How to Make the Transition to GA4
November 8, 2022 |
May 15, 2020
On May 4th, Google launched its “May 2020 Core Update.” When Google launched this algorithm change amid the COVID-19 pandemic, to say some businesses were upset is an understatement. For many, the newly labeled “pandemic update” has significantly impacted organic rankings during a time when small and medium businesses are doing anything to keep their doors open. So what was the motivation for Google, and what’s this change all about?
When the change occurred, Google noted that the update would take a week or two to roll out. Two weeks later, we have a better picture of its effect on different industries.
It’s important to remember that Google’s algorithm updates are not new, and they are not out to punish you or your websites. In a blog post, Google reminded us that “the changes are about improving how our systems assess content overall.” They use a great example of how your list of top movies from 2015 would look a lot different if you were to make it again today. There’s nothing wrong or different about The Dark Knight, but you didn’t know how much you’d love Avengers: Endgame or Parasite. Like we reassess our favorite movies, Google needs to reassess pages to redistribute how it rewards content.
Search engine results pages (SERP) are the most tangible evidence we have of the algorithm update. SERPs are like tectonic plates. They’re always moving, but often at negligible amounts over long periods of time. However, when plates shift greatly, we certainly feel these changes as dangerous earthquakes. SERPs face the same noticeable volatility. Tools like SEM Rush Sensor help us spot the massive change in SERP volatility right after the algorithm update happened.
As you can see in the image above, a tremendous spike in volatility was seen May 4-6 and is clearly rooted in the algorithm update. We see this volatility spike as the data rolls out worldwide. This level of data to process can’t be done with the snap of a finger and is, instead, gradually rolled out across different locations and languages. By rolling out the change gradually, spikes in the volatility are seen sporadically as the data for the same search engine query is read differently across locations, even if entered simultaneously. For example, if I search “easy to care for houseplants,” here in Florida, an identical search at the same time in Oregon could have a completely different top three results. In one location, post-update search engine results could are delivered. Meanwhile, pre-update results are delivered at the other. As you can see, the lull after a spike is a welcome calm, but our volatility gradually creeps back up as Google works out the kinks and errors in their update.
As this update is now implemented worldwide and for all languages, we can get a better understanding of the content reanalysis the algorithm update caused based broadly on industries. Depending on your industry, you may have felt the tremors of this change more so than others.
According to Search Engine Land, some of the top industries shaken by this (average SERP volatility change after the algorithm update) included:
What has many industries upset is that this update has most directly hit industries that have already seen hardship due to the COVID-19 pandemic. Industries like travel, real estate, and some health areas have not necessarily had it easy over the last three months.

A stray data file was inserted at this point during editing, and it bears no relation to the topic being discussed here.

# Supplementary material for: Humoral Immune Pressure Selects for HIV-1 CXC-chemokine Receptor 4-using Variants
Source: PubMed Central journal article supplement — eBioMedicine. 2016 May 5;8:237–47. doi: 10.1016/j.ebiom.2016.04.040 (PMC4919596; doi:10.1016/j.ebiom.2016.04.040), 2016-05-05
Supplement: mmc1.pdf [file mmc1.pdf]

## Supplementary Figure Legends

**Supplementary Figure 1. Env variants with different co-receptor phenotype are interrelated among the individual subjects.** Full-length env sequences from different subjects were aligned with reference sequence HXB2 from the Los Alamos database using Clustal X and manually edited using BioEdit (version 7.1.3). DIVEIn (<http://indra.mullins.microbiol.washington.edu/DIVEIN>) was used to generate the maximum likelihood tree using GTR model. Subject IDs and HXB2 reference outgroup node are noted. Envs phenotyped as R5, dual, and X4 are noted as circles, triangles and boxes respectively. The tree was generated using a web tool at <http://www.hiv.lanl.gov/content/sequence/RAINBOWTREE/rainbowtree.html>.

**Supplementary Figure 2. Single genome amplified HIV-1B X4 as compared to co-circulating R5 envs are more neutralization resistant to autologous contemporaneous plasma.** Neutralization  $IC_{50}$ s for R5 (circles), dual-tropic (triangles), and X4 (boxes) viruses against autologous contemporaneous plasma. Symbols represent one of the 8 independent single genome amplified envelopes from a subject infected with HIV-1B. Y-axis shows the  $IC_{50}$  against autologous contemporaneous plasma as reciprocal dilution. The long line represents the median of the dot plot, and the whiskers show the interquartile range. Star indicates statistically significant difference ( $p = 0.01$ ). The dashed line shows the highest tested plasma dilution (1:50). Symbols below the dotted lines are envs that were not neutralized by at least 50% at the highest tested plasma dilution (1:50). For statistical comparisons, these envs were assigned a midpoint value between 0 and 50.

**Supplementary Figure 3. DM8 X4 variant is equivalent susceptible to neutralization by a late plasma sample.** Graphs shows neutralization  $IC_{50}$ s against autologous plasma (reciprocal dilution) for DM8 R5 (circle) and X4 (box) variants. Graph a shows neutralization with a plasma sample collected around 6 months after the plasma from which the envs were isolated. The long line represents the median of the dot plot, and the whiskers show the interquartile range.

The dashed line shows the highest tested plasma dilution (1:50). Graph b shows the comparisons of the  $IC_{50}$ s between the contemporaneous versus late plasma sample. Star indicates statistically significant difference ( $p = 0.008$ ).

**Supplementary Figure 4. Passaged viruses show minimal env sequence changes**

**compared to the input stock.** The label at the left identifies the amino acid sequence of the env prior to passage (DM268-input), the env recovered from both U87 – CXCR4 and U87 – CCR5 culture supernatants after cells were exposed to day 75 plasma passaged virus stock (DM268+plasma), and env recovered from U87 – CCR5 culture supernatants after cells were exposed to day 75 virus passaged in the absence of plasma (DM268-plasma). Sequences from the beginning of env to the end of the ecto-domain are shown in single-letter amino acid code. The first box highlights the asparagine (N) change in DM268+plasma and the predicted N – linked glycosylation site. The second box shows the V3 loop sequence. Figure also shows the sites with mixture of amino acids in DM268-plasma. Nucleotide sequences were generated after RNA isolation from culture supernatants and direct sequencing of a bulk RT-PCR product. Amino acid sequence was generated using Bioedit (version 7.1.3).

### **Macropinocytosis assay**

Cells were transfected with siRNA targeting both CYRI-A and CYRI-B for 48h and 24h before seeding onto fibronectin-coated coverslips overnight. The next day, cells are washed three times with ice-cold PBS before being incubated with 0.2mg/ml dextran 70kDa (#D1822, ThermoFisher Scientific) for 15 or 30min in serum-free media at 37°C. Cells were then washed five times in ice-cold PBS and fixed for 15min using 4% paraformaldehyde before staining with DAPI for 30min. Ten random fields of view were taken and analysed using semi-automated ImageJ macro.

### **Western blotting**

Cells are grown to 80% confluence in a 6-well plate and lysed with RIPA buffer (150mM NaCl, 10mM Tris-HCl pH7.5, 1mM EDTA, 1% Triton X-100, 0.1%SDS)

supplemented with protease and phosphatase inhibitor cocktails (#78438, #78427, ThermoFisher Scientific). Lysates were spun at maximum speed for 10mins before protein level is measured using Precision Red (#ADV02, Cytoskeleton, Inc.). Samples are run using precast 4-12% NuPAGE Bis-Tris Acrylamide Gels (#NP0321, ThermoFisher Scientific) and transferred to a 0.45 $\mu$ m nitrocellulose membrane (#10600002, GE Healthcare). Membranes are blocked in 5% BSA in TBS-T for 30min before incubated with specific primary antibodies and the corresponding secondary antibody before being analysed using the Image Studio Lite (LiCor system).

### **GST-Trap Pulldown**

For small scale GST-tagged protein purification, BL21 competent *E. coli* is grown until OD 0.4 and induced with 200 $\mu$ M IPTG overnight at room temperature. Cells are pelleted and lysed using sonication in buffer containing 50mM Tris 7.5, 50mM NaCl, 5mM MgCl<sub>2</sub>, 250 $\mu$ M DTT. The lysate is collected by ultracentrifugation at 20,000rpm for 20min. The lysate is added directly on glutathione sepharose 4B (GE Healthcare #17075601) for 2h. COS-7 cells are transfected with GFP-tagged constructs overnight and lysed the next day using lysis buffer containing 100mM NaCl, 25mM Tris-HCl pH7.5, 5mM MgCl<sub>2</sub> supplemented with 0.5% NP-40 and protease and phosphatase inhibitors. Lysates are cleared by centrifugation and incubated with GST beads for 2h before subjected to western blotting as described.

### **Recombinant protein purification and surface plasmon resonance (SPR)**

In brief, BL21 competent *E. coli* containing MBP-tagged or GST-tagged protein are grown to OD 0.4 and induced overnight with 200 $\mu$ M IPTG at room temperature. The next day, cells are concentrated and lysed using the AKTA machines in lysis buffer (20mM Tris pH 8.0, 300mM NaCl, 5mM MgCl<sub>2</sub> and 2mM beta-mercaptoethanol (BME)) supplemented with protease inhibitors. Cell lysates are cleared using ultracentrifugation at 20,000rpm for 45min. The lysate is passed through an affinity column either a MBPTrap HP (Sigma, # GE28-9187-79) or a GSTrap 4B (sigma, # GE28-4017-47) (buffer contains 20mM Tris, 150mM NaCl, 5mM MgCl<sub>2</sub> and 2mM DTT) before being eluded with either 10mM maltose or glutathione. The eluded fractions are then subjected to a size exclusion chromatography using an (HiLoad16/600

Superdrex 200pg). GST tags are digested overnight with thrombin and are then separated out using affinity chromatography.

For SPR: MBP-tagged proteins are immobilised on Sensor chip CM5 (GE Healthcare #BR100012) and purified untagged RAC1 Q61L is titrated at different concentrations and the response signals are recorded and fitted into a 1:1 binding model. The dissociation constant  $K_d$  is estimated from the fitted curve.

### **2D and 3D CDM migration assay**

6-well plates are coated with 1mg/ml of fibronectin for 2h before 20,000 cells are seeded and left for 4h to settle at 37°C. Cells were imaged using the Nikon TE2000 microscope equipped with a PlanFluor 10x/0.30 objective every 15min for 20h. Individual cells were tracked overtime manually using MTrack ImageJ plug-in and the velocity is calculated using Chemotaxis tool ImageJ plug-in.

With that said, other health industries have actually seen organic growth since the update. Reputable names such as WebMD and Mayo Clinic experienced slight increases in their SEO visibility when Google rolled out the change.
While it’s easy to point to specific industries that feel targeted, the effects of this change are felt almost everywhere. This algorithm update is unlike any other recent update for how it has not discriminated based on industry. The size of this update shook up industries from all over, wiping once relied upon organic traffic. While the algorithm change is massive, according to Google, the solution remains about the same as always.
Content remains king in the eyes of Google and users. The May 2020 Core Update has given early indications that thin content, content that does not provide value to a user, is slipping in positions. The weakening of thin content isn’t news but it is the latest way in saying that Google is focused on how it reads content to give users what they need.
For pages that do see a drop in traffic or where it ends up on a SERP, Google doesn’t want you to take it personally. There’s nothing necessarily for you to fix or that you did wrong. It just found better content and it wants to reward it. This does NOT mean that you should immediately begin rewriting all of your content. Again, the SERPs are constantly shifting and it’s likely best to wait until the volatility dies down before you make any drastic changes.
If you do pursue a content refresh, focus on content that meets the EAT acronym – Expertise, Authoritativeness, and Trustworthiness. Google also provides some great questions as you consider new content such as, “Does the content provide insightful analysis or interesting information that is beyond obvious?”
If you want to refresh your content following this algorithm update, think carefully through the needs to best raise your search quality rating. For help on writing new EAT-rich content, get in touch with our team of digital marketing and content experts.